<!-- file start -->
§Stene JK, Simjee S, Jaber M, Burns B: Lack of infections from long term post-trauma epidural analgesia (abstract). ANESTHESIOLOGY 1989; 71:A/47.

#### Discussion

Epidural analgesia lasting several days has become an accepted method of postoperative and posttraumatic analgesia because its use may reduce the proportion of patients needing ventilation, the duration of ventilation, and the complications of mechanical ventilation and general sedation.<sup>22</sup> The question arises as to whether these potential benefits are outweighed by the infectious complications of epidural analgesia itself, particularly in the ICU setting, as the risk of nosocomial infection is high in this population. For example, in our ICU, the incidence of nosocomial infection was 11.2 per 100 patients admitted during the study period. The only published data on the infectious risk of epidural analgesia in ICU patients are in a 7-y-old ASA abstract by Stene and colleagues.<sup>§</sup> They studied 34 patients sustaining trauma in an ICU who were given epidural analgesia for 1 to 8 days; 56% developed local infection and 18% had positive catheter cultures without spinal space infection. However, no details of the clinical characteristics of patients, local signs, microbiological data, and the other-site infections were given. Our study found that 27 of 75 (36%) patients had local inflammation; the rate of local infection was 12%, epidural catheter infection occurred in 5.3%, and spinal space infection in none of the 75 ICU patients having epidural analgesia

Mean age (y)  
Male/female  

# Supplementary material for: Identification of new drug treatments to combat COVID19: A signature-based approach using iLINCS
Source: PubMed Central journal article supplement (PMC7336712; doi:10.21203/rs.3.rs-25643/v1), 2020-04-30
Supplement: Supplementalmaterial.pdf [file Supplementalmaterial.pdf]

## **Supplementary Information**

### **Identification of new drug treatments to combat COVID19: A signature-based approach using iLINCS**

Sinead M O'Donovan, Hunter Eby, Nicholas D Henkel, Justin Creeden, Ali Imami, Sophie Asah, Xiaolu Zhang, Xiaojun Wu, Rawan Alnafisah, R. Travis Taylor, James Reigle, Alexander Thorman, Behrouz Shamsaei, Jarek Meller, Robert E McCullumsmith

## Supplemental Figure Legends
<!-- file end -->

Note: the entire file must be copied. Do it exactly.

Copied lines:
§Stene JK, Simjee S, Jaber M, Burns B: Lack of infections from long term post-trauma epidural analgesia (abstract). ANESTHESIOLOGY 1989; 71:A/47.

#### Discussion

Epidural analgesia lasting several days has become an accepted method of postoperative and posttraumatic analgesia because its use may reduce the proportion of patients needing ventilation, the duration of ventilation, and the complications of mechanical ventilation and general sedation.<sup>22</sup> The question arises as to whether these potential benefits are outweighed by the infectious complications of epidural analgesia itself, particularly in the ICU setting, as the risk of nosocomial infection is high in this population. For example, in our ICU, the incidence of nosocomial infection was 11.2 per 100 patients admitted during the study period. The only published data on the infectious risk of epidural analgesia in ICU patients are in a 7-y-old ASA abstract by Stene and colleagues.<sup>§</sup> They studied 34 patients sustaining trauma in an ICU who were given epidural analgesia for 1 to 8 days; 56% developed local infection and 18% had positive catheter cultures without spinal space infection. However, no details of the clinical characteristics of patients, local signs, microbiological data, and the other-site infections were given. Our study found that 27 of 75 (36%) patients had local inflammation; the rate of local infection was 12%, epidural catheter infection occurred in 5.3%, and spinal space infection in none of the 75 ICU patients having epidural analgesia

Mean age (y)  
Male/female  

# Supplementary material for: Identification of new drug treatments to combat COVID19: A signature-based approach using iLINCS
Source: PubMed Central journal article supplement (PMC7336712; doi:10.21203/rs.3.rs-25643/v1), 2020-04-30
Supplement: Supplementalmaterial.pdf [file Supplementalmaterial.pdf]

## **Supplementary Information**

### **Identification of new drug treatments to combat COVID19: A signature-based approach using iLINCS**

Sinead M O'Donovan, Hunter Eby, Nicholas D Henkel, Justin Creeden, Ali Imami, Sophie Asah, Xiaolu Zhang, Xiaojun Wu, Rawan Alnafisah, R. Travis Taylor, James Reigle, Alexander Thorman, Behrouz Shamsaei, Jarek Meller, Robert E McCullumsmith

## Supplemental Figure Legends